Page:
Hey how have you been? 😀 Don’t tell me you didn’t get that TLC Reference?
Unfortunately, being a PhD English student and Writer sometimes means you’re away in your cave writing and doing a bunch of work. Dissertation writing, article writing, journal editing, and of course reading, researching and finding time to work on your creative stuff. Well, thankfully I’ve been getting a lot of writing done, on the academic and creative writing side. And actually getting some of my academic stuff accepted! It’s a relief to get validation, ANY kind of validation for your hard work once and a while, so this is something I’m proud of.
I do want to take a short recess from my endless parade of work to talk a bit about trends for a second. Just a bit of a rambly post spurred on by other discussions that have been happening lately. I can’t say everything is 100% accurate, but these are just threads of musing I’m actually still thinking through.
TRENDS: What’s a trend?
Okay, we all know what trends are. It’s that thing that gets popular, and so everyone rushes to do it. In the fashion world, trends are the thing that cynical corporate executives pay attention to because that’s where (as they believe) a tonne of their profits are gonna come from. So their employees start hunting for it, which makes trends a very scary thing, even in the publishing world. I’d venture a guess and say trends are one of the scariest things writers have to worry about. Trends-logic tells us that because X book was popular, everyone will ONLY want books from that genre, or everyone will ONLY want books that feature the tropes/relationships/ideas that were featured in X book – the same kind of romances, same kind of settings, same kinds of conflicts, same kinds of heroines, same kinds of plot twists. It goes on.
TRENDS: What have been the trends lately?
Post-Twilight, editors and publishers began hunting for whatever they considered to be like those YA book series that were selling like hot cakes. First, it was paranormal romance thanks to the success of Twilight. Twilight gets big, everyone starts writing books like Twilight because they like the story and want to write stuff like it (or because they see that stories like that are popular). Editors and agents acquire these stories because they saw how popular Twilight was, see that there’s a market and an opportunity to sell to book readers. Same thing happened when The Hunger Games got big, spinning off the Dystopian YA genre (tropes and all).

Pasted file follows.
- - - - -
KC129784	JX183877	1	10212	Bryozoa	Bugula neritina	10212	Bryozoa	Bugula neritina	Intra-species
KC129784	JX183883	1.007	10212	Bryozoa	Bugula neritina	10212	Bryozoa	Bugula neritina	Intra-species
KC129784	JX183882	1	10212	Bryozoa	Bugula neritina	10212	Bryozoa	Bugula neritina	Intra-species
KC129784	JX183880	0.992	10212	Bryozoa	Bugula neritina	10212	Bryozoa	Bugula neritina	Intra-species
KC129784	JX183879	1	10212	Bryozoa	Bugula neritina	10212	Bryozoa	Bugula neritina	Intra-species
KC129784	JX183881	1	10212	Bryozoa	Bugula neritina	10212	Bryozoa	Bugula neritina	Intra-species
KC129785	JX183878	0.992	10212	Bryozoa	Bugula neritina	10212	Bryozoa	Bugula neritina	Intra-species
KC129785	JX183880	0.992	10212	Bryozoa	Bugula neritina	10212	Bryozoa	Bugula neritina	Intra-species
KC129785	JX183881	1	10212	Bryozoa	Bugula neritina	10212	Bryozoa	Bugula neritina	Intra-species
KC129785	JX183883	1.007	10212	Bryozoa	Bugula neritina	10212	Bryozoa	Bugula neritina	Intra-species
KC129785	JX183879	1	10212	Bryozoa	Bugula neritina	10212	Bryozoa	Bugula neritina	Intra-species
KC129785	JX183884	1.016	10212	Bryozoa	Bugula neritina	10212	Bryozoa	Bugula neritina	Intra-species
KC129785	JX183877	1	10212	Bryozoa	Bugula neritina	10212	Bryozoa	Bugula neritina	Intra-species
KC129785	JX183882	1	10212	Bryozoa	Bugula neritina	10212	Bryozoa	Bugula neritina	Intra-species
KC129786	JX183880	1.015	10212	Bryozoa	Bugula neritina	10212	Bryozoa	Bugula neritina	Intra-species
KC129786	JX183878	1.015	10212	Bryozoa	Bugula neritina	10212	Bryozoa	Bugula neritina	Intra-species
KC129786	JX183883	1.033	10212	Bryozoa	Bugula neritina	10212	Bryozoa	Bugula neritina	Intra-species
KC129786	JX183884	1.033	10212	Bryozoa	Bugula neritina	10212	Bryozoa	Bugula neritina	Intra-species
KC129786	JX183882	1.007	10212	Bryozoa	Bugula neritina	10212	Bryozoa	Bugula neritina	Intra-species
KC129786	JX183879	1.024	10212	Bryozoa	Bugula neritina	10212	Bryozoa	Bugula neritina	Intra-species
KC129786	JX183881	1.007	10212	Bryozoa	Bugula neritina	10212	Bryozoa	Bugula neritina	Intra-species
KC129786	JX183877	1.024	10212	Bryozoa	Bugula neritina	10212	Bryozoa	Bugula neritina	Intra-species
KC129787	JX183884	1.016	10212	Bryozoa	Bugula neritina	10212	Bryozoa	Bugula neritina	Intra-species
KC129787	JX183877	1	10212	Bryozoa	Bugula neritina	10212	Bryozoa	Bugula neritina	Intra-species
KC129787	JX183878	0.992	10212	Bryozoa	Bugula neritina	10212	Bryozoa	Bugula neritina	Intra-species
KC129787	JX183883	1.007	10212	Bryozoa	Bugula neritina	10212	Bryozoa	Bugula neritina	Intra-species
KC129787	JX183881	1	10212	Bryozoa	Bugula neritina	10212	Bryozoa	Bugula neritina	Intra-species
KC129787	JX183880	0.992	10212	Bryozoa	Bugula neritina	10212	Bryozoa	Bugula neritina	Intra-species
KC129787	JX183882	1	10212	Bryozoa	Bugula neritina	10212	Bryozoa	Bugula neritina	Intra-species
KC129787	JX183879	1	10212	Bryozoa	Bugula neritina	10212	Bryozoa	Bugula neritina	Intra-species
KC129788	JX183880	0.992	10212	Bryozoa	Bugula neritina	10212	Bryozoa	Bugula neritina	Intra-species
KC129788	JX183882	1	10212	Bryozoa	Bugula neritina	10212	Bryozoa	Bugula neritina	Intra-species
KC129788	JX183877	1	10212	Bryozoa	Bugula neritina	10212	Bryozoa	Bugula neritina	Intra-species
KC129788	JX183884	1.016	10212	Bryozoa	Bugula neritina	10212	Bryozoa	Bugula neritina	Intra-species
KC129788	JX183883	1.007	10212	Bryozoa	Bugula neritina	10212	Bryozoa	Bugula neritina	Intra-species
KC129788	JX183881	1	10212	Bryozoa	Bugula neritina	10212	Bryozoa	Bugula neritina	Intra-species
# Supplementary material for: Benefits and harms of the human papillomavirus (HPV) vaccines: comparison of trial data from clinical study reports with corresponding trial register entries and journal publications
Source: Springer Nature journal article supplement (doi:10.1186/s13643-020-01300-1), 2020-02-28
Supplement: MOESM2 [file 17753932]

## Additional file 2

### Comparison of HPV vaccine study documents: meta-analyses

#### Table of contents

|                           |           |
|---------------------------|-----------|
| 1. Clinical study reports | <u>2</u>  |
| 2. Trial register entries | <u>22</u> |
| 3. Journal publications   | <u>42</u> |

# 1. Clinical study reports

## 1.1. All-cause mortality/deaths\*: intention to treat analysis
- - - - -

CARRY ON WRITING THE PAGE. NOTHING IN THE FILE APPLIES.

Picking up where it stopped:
However, after that things got a bit murky. People started guessing at trends, trying to create them rather than following the natural popularity of a big book – because there were no big books, really. That is to say that there was no Next Big Thing in the same vein as Twilight and THG. Because of The Hunger Games, people decided that sci fi would be popular, since THG kind of had some sci fi in it. Genetically enhanced teens running from the government, cyborgs, time travel, space opera. All of that kind of came with the sci fi boom. Then thrillers, horror and mystery were absolutely going to be the next big trends, though none of them really became the next big thing. Of course, with the success of John Green’s TFIOS, readers and pubs started to ask for more contemporary. Articles were written about how contemporary was the new thing and dystopian was absolutely OUT (ala Project Runway) and contemporary was absolutely IN *hair flips*, but I don’t know if this ever became a trend per say, since contemporary always sells rather consistently.
And now… now, I don’t think there are any trends. Officials at the Bologna book fair this year mentioned that there were no big books, no trends that people were chasing this year. No witches, no dystopian revolutions, no sicklit. Just books. Seems like great news, really. Maybe this means people are allowed to be more original and take more chances with their storytelling? But there has definitely been a bit of blow back from years of trends chasing and that’s kind of what a lot of writers seem to be feeling right now.
Everything is a hard sell. This is what many people are saying these days, and it makes sense. Because publishers bought up a lot of books in hopes that this trend/book or that trend/book will be the next big thing, now it seems that the market is over-saturated. The problem with trends is that once something’s Totally Out, it’s Totally Out for a good long while (unless you’re already an established author in which case you can write what you want). So when people ask about this genre or that genre, what a lot of writers are hearing now and days is ‘well, that’s a hard sell’ ‘well that’s kind of over.’ That’s the conundrum: technically there are no trends trending, but there are now entire genres that the industry seems ‘burned out on.’